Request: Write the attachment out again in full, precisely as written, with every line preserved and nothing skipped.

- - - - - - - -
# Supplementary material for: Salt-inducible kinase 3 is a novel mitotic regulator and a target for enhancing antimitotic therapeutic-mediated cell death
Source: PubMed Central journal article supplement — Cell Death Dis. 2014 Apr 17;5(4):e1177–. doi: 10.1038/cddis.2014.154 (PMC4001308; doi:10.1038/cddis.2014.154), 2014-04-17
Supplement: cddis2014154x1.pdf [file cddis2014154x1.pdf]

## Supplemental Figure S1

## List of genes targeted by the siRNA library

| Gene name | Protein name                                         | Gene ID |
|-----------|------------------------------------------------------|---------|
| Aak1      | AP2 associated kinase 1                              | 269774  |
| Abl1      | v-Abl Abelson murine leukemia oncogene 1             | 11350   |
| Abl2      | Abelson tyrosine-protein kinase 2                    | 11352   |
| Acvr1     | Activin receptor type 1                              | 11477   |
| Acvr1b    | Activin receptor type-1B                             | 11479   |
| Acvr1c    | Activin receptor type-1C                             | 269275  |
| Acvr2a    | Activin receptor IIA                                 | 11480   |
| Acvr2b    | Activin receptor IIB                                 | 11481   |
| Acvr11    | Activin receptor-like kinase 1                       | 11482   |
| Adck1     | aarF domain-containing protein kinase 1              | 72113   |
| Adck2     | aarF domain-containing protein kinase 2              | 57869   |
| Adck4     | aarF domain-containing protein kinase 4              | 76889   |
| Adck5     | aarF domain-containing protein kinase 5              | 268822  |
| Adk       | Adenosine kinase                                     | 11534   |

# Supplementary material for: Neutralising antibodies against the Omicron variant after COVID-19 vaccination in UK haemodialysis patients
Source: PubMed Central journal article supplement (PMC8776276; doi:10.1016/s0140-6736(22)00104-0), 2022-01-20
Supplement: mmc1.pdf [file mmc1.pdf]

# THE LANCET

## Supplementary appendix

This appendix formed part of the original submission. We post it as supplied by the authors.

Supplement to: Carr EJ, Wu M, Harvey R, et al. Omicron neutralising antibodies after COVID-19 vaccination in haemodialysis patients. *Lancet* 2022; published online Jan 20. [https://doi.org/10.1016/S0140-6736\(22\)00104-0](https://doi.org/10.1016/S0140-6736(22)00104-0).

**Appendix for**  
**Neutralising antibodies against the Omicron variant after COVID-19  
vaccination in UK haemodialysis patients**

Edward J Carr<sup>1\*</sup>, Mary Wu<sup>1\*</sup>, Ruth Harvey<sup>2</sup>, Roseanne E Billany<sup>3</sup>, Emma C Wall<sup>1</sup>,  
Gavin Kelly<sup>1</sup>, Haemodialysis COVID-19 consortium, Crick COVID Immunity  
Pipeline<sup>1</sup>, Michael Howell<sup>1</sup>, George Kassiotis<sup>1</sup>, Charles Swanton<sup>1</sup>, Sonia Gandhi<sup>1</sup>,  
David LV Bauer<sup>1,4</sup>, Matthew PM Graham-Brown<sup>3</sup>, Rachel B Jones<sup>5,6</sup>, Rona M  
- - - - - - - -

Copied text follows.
# Supplementary material for: Salt-inducible kinase 3 is a novel mitotic regulator and a target for enhancing antimitotic therapeutic-mediated cell death
Source: PubMed Central journal article supplement — Cell Death Dis. 2014 Apr 17;5(4):e1177–. doi: 10.1038/cddis.2014.154 (PMC4001308; doi:10.1038/cddis.2014.154), 2014-04-17
Supplement: cddis2014154x1.pdf [file cddis2014154x1.pdf]

## Supplemental Figure S1

## List of genes targeted by the siRNA library

| Gene name | Protein name                                         | Gene ID |
|-----------|------------------------------------------------------|---------|
| Aak1      | AP2 associated kinase 1                              | 269774  |
| Abl1      | v-Abl Abelson murine leukemia oncogene 1             | 11350   |
| Abl2      | Abelson tyrosine-protein kinase 2                    | 11352   |
| Acvr1     | Activin receptor type 1                              | 11477   |
| Acvr1b    | Activin receptor type-1B                             | 11479   |
| Acvr1c    | Activin receptor type-1C                             | 269275  |
| Acvr2a    | Activin receptor IIA                                 | 11480   |
| Acvr2b    | Activin receptor IIB                                 | 11481   |
| Acvr11    | Activin receptor-like kinase 1                       | 11482   |
| Adck1     | aarF domain-containing protein kinase 1              | 72113   |
| Adck2     | aarF domain-containing protein kinase 2              | 57869   |
| Adck4     | aarF domain-containing protein kinase 4              | 76889   |
| Adck5     | aarF domain-containing protein kinase 5              | 268822  |
| Adk       | Adenosine kinase                                     | 11534   |

# Supplementary material for: Neutralising antibodies against the Omicron variant after COVID-19 vaccination in UK haemodialysis patients
Source: PubMed Central journal article supplement (PMC8776276; doi:10.1016/s0140-6736(22)00104-0), 2022-01-20
Supplement: mmc1.pdf [file mmc1.pdf]

# THE LANCET

## Supplementary appendix

This appendix formed part of the original submission. We post it as supplied by the authors.

Supplement to: Carr EJ, Wu M, Harvey R, et al. Omicron neutralising antibodies after COVID-19 vaccination in haemodialysis patients. *Lancet* 2022; published online Jan 20. [https://doi.org/10.1016/S0140-6736\(22\)00104-0](https://doi.org/10.1016/S0140-6736(22)00104-0).

**Appendix for**  
**Neutralising antibodies against the Omicron variant after COVID-19  
vaccination in UK haemodialysis patients**

Edward J Carr<sup>1\*</sup>, Mary Wu<sup>1\*</sup>, Ruth Harvey<sup>2</sup>, Roseanne E Billany<sup>3</sup>, Emma C Wall<sup>1</sup>,  
Gavin Kelly<sup>1</sup>, Haemodialysis COVID-19 consortium, Crick COVID Immunity  
Pipeline<sup>1</sup>, Michael Howell<sup>1</sup>, George Kassiotis<sup>1</sup>, Charles Swanton<sup>1</sup>, Sonia Gandhi<sup>1</sup>,  
David LV Bauer<sup>1,4</sup>, Matthew PM Graham-Brown<sup>3</sup>, Rachel B Jones<sup>5,6</sup>, Rona M  